Parents often wonder why it takes a year or more and multiple shots to fully immunize their children against diseases like diphtheria and pertussis. The reason is twofold. First, a single vaccination generates only a small amount of immunity and booster shots are needed to build up immunity to protective levels. The second reason is due to the fact that a substantial "lag time" is required by the immune system between initial immunization and subsequent booster shots to maximize the size of each boost.
Researchers at the University of Iowa Roy J. and Lucille A Carver College of Medicine have discovered that a different vaccination strategy, called dendritic cell vaccination, can dramatically speed up the immunization process by greatly reducing the required "lag time" between the initial vaccination and the booster shots. The finding has important implications for immunotherapy -- using vaccines to treat cancer -- where developing immunity fast is critical.
In the UI study, mice treated with a dendritic cell vaccine and a booster shot were protected against a bacterial infection in a matter of days compared to the several weeks required by normal vaccination to generate immunity. The study results appeared in Nature Medicine advance online publication (AOP) at the journal's Web site (http://www.nature.com/nm/index.html) on June 12.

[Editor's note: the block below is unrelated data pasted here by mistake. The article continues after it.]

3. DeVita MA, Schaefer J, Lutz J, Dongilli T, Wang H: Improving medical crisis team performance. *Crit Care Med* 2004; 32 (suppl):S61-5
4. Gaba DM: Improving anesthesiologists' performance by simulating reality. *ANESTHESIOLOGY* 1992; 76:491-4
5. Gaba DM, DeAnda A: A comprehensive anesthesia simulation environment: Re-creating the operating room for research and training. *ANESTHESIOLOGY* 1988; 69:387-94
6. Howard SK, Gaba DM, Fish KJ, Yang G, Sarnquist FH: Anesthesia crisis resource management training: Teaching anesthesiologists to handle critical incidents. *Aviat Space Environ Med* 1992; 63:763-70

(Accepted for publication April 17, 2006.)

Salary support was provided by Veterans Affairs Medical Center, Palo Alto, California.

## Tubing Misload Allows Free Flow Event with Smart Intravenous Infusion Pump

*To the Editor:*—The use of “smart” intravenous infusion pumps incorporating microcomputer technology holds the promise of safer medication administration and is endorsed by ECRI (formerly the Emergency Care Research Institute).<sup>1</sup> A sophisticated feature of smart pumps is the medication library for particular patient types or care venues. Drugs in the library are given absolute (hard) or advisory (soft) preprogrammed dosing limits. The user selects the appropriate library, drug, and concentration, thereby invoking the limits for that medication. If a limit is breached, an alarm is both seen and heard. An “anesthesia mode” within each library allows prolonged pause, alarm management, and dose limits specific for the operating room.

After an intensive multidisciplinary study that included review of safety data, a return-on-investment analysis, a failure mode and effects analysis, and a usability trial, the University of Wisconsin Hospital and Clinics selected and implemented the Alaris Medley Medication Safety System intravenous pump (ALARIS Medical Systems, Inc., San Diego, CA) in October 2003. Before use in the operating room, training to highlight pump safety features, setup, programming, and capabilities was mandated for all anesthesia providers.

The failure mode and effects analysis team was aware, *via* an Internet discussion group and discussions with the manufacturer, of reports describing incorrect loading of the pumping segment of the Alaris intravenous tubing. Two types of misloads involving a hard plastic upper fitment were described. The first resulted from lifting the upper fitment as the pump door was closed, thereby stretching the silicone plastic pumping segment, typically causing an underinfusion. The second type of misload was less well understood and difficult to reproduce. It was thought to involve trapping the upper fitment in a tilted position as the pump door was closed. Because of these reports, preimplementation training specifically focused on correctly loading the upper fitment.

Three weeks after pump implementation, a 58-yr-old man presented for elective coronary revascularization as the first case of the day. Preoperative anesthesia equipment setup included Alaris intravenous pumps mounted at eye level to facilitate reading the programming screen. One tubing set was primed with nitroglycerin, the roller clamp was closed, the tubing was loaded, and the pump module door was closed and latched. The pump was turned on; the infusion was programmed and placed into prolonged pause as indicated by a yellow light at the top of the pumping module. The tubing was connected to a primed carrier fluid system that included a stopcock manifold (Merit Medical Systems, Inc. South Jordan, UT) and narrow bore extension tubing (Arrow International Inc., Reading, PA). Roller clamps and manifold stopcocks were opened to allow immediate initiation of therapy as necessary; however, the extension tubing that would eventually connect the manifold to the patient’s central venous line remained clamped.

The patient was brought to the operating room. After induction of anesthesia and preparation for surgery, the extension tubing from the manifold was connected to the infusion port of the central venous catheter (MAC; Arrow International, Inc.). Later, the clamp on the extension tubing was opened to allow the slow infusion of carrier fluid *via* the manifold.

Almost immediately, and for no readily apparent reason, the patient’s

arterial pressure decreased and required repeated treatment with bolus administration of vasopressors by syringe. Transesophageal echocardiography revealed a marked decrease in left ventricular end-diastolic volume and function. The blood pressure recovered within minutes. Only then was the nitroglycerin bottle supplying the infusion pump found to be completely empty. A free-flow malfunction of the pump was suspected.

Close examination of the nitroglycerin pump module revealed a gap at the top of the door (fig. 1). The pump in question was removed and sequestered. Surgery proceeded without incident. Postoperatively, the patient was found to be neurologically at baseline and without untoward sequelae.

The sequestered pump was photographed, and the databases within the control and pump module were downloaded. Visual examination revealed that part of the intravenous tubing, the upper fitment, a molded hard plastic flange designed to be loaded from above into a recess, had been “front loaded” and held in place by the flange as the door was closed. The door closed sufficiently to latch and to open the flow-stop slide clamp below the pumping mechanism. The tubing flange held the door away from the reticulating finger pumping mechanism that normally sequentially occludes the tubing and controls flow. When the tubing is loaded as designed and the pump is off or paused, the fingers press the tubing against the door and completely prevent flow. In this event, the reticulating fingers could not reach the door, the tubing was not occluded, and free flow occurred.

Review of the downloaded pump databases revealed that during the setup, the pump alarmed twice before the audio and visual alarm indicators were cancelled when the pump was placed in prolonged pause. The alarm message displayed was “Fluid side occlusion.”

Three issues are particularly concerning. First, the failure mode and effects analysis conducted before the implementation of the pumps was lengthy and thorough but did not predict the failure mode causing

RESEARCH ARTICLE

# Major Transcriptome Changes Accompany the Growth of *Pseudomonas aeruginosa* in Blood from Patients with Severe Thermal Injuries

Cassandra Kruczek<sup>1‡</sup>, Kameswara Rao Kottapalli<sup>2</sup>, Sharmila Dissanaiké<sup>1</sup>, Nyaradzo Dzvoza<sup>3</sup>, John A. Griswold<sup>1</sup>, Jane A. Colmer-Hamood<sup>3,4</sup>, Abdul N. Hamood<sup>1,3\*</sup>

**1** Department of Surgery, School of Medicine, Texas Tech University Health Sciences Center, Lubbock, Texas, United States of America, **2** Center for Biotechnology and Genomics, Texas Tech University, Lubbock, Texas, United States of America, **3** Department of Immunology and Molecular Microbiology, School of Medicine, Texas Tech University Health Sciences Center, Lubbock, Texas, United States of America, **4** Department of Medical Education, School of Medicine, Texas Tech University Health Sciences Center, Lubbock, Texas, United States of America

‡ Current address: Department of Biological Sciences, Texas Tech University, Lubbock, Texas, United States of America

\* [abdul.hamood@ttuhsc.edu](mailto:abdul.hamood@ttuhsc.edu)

"People should not be concerned that vaccines don't work -- if you have plenty of time, current vaccine and booster regimens work very well," said John Harty, Ph.D., UI professor of microbiology in the Carver College of Medicine, and senior author of the study. "But there are circumstances, such as using a vaccine to treat a fast-growing cancer, where the immune response might be needed much more rapidly. With the dendritic cell vaccinations, we really speed up the booster schedule and also speed up the time it takes to achieve protective immunity."
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Contact: Jennifer Brown
University of Iowa
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